Elsewhere, food tourism may also reinforce environmental protection by discouraging the wasteful long distance transportation of food supplies. Advantages are therefore not just con? ed to economics and business, but encompass social and environmental factors, which are of interest to companies with an expressed commitment to corporate social responsibility as well as of? cials. Implications for practitioners Despite enthusiasm for food tourism amongst consumers, suppliers and marketers, there are some dif? culties to surmount if its potential is to be realised and all parties are to be satis? ed. One pressing challenge is that of preserving the local distinctiveness Food tourism reviewed 321 BFJ 111,4 322 valued by tourists in the face of globalisation pressures.

Action must be taken to try to safeguard and encourage indigenous suppliers, ensuring that they receive maximum bene? t from food tourism. Such moves are vital in the less developed world (Telfer and Wall, 1996) where food imports for tourism can lead to heavy leakages from the economy and opportunities for linkages between the tourism and agricultural sectors are missed (Belisle, 1983; Torres, 2003). These problems should be addressed in integrated economic policies and there is already awareness that the economic activity accompanying spending on food by tourists, especially the strengthening of supply chains can be bene? ial even in the poorest of countries (Ashley, 2006).

Food hygiene is another matter of signi cance (Grif th, 2006) and formal systems of regulation, inspection and control are essential to build and retain tourist con dence. These procedures assist in guaranteeing standards and preventing outbreaks of food poisoning and disease due to inadequacies in storage and preparation. Tourists and the tourism industry in generating countries can thus be reassured about personal safety within a food context, threats to which damage destination image and visitor arrivals if suf? iently grave (Larsen et al. , 2007; MacLaurin, 2002). Safety regimes are not just applicable to destinations and conventional establishments, but also to modes of transport. The importance of recognising and responding satisfactorily to the differing food needs of tourists has already been mentioned. These encompass religious observances and food could be a key worry for certain groups with strict dietary codes, such as Muslims, when travelling abroad.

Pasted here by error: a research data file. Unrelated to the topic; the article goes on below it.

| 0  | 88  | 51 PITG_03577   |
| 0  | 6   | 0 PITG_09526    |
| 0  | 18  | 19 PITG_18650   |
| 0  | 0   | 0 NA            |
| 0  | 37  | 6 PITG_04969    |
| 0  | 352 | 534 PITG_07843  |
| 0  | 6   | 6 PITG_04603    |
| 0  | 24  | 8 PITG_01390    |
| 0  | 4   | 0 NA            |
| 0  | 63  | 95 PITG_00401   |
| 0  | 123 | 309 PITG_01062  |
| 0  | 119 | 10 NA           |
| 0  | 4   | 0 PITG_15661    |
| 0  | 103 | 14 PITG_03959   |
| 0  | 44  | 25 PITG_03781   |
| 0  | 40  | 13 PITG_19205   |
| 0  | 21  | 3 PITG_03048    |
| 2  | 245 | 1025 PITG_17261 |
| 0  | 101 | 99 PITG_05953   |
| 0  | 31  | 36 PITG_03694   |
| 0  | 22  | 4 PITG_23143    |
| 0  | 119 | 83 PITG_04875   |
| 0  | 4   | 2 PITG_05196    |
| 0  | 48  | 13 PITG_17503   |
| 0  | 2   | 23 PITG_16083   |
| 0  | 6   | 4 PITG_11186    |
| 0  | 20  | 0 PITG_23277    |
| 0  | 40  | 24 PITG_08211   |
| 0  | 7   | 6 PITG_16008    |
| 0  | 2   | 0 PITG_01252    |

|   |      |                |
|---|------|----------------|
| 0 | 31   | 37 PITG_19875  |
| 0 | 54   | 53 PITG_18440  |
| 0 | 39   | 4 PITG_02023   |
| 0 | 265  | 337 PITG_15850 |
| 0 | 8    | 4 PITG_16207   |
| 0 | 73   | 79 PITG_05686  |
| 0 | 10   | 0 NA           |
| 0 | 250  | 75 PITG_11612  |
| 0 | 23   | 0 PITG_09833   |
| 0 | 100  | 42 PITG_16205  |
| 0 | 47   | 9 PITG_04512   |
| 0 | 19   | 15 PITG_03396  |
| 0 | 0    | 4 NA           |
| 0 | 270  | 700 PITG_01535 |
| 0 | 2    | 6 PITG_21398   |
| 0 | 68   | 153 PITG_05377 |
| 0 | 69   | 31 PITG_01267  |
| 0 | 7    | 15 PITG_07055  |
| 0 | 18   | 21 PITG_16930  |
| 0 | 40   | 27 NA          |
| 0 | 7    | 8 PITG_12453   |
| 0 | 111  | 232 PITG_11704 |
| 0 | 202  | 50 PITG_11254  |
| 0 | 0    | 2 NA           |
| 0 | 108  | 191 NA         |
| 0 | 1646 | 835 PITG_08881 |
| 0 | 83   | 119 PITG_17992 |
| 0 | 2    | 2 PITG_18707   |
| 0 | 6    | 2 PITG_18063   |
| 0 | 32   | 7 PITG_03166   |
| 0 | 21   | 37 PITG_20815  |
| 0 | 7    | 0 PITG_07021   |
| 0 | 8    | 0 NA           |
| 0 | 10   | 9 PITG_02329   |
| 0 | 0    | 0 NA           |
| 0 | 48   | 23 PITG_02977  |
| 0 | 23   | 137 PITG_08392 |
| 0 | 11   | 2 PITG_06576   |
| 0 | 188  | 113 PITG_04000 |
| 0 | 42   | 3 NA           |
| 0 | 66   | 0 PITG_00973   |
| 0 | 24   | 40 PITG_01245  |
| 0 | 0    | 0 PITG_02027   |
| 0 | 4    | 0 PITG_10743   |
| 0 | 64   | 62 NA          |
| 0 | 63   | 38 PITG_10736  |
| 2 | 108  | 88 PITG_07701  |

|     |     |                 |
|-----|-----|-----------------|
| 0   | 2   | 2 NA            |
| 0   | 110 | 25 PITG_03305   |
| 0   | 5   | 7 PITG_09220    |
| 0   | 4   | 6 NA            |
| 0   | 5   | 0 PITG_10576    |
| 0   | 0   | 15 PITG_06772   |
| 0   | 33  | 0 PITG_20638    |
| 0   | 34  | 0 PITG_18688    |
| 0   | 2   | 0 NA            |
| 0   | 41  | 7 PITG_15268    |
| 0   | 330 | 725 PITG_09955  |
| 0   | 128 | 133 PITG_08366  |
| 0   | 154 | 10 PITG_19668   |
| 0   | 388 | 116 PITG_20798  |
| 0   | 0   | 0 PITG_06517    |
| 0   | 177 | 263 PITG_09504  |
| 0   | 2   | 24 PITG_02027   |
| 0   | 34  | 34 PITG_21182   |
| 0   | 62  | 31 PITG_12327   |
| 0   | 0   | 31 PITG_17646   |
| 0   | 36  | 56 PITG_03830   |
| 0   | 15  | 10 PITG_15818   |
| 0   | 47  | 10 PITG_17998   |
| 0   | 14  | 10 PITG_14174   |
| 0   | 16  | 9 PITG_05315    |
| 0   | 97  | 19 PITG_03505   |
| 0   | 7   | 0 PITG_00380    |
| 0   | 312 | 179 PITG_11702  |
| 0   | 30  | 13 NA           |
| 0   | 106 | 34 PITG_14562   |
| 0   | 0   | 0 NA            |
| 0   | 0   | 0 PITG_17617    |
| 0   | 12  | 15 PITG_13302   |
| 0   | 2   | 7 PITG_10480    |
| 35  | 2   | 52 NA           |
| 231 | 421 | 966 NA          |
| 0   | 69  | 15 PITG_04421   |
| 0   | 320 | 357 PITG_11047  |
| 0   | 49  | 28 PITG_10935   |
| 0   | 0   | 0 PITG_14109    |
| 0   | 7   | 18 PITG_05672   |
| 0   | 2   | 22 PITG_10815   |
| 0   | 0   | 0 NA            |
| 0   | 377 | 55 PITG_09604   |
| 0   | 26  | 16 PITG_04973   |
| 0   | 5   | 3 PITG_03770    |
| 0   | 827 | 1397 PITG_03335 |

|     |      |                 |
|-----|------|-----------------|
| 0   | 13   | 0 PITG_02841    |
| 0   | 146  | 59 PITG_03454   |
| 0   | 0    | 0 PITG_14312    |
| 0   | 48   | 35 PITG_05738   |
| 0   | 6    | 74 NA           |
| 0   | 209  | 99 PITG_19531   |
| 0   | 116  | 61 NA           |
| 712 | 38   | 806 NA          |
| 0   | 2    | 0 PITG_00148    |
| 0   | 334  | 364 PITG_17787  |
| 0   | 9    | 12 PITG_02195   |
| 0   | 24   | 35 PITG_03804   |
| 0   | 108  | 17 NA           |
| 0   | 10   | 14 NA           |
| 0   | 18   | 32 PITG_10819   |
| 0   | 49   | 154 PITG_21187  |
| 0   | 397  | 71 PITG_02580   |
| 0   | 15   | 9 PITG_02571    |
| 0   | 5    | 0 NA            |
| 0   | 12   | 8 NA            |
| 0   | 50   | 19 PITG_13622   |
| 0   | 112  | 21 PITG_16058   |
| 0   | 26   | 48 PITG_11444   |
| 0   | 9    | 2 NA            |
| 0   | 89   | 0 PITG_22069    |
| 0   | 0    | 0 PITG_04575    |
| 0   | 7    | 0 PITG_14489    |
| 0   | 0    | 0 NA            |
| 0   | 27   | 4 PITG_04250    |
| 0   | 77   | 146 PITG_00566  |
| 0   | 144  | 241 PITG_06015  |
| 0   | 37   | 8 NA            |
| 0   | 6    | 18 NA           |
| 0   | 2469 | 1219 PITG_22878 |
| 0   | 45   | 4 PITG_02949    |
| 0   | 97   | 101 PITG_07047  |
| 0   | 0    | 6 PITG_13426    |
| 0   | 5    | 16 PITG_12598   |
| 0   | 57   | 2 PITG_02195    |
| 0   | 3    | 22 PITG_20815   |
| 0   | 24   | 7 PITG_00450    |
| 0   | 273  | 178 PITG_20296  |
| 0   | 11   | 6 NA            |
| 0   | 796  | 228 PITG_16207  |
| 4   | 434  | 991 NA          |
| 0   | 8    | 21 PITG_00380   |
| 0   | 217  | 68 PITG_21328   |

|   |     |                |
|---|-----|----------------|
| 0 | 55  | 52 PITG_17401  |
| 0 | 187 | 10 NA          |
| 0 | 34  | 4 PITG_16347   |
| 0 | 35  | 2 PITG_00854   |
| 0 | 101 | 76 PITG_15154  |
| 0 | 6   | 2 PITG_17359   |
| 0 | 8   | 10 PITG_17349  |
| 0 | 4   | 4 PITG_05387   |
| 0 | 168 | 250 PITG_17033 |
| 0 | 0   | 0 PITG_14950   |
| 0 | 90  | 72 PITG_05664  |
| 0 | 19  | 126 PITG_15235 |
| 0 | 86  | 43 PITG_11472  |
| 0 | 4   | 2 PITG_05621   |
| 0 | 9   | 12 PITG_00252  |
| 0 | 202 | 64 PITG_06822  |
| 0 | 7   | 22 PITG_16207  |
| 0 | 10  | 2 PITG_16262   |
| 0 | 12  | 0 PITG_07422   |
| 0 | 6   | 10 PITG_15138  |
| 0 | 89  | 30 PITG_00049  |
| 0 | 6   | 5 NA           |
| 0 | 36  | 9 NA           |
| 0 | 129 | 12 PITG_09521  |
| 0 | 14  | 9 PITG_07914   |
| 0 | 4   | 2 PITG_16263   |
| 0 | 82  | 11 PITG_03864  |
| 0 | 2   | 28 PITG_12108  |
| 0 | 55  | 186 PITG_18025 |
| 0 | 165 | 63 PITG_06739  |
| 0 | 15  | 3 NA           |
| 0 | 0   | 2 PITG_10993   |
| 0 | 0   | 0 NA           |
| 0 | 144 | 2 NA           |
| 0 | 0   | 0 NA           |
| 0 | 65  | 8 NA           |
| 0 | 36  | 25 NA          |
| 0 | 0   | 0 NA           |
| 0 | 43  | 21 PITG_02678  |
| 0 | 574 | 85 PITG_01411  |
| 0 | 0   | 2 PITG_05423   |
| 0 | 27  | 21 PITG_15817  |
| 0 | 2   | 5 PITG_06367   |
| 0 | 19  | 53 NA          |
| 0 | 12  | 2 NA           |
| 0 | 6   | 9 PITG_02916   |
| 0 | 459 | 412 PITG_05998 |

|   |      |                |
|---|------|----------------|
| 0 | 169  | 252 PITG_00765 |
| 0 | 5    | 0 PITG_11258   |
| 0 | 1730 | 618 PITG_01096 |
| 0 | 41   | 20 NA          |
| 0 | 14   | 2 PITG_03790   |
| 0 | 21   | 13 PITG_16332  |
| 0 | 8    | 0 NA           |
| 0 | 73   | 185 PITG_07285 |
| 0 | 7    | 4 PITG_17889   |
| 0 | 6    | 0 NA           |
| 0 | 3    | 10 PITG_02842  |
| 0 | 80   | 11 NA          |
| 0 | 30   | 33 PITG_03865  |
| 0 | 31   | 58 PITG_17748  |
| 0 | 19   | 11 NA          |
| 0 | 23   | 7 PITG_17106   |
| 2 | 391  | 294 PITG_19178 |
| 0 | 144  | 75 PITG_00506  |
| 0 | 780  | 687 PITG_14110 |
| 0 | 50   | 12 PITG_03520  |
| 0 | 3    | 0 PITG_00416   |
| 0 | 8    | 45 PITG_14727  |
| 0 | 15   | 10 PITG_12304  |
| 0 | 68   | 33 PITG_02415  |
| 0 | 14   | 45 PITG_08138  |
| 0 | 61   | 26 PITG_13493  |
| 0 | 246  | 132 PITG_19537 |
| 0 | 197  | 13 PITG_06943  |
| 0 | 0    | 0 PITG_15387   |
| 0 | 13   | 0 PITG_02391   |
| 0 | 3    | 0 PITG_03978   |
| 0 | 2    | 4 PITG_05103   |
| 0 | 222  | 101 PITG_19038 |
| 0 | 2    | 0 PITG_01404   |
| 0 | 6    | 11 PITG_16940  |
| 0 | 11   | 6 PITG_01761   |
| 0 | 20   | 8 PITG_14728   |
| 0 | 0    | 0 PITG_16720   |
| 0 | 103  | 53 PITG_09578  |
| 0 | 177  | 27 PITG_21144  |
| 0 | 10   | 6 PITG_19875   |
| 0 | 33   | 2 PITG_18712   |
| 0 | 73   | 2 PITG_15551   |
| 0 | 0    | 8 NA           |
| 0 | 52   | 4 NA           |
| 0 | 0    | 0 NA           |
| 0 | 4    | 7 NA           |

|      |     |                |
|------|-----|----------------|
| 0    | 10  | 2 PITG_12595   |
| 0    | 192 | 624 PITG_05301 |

The dramatic expansion in Chinese travellers now underway also has implications for hospitality businesses unfamiliar with native Chinese cuisine and habits. There may be general misunderstanding between hosts and guests regarding food and culinary etiquette (Cohen and Avieli, 2004), compounded by linguistic and cultural barriers. All tourists thus require information about what is on offer and sometimes advice about correct behaviour in order to facilitate their participation and enjoyment.

Possible measures to aid in this process are the publication of tourist guides, installation of foreign language signage and multilingual menus with ingredients and prices clearly marked. Tourism is extremely competitive and this extends to food tourism with rivalry amongst destinations to entice visitors on the basis of related traits. National and local uniqueness must therefore be identi? ed and emphasised, utilising food as a means of positioning and differentiation in advertising. At the same time and as remarked upon previously, less adventurous tourists may welcome foods to which they are accustomed.

The capacity to meet such preferences should not be overlooked in marketing messages which can present this as a favourable attribute connected to a destination’s cosmopolitanism and its ability to accommodate guests from around the world. Food can also be combined with non-food tourism products, exempli? ed by the use of heritage buildings as suitable settings for food and wine fairs. These animate the site, boost attendances and sales, augment the attractions inventory and strengthen destination competitiveness so that all partners gain from the collaboration.